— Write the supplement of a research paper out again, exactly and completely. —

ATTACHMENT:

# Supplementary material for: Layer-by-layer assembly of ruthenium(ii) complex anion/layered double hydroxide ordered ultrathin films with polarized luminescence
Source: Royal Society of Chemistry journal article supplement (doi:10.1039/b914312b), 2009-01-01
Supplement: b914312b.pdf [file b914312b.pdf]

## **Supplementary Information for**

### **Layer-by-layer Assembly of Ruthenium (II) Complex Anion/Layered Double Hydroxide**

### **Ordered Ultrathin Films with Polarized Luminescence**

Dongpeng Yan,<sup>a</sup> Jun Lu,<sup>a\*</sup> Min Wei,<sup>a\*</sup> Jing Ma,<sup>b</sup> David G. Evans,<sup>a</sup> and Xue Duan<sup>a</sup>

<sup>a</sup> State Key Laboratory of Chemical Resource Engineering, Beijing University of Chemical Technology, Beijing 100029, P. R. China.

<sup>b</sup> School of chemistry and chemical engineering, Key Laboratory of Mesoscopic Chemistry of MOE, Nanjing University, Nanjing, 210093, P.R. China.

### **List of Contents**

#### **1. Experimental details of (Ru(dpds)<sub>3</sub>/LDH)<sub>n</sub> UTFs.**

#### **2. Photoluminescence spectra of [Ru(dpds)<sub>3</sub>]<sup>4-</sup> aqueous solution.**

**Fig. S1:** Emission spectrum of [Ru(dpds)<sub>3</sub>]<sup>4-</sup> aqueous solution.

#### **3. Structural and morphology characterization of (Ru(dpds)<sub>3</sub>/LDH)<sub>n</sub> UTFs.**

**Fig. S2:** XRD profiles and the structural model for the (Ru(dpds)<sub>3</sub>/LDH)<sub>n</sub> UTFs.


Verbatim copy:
# Supplementary material for: Layer-by-layer assembly of ruthenium(ii) complex anion/layered double hydroxide ordered ultrathin films with polarized luminescence
Source: Royal Society of Chemistry journal article supplement (doi:10.1039/b914312b), 2009-01-01
Supplement: b914312b.pdf [file b914312b.pdf]

## **Supplementary Information for**

### **Layer-by-layer Assembly of Ruthenium (II) Complex Anion/Layered Double Hydroxide**

### **Ordered Ultrathin Films with Polarized Luminescence**

Dongpeng Yan,<sup>a</sup> Jun Lu,<sup>a\*</sup> Min Wei,<sup>a\*</sup> Jing Ma,<sup>b</sup> David G. Evans,<sup>a</sup> and Xue Duan<sup>a</sup>

<sup>a</sup> State Key Laboratory of Chemical Resource Engineering, Beijing University of Chemical Technology, Beijing 100029, P. R. China.

<sup>b</sup> School of chemistry and chemical engineering, Key Laboratory of Mesoscopic Chemistry of MOE, Nanjing University, Nanjing, 210093, P.R. China.

### **List of Contents**

#### **1. Experimental details of (Ru(dpds)<sub>3</sub>/LDH)<sub>n</sub> UTFs.**

#### **2. Photoluminescence spectra of [Ru(dpds)<sub>3</sub>]<sup>4-</sup> aqueous solution.**

**Fig. S1:** Emission spectrum of [Ru(dpds)<sub>3</sub>]<sup>4-</sup> aqueous solution.

#### **3. Structural and morphology characterization of (Ru(dpds)<sub>3</sub>/LDH)<sub>n</sub> UTFs.**

**Fig. S2:** XRD profiles and the structural model for the (Ru(dpds)<sub>3</sub>/LDH)<sub>n</sub> UTFs.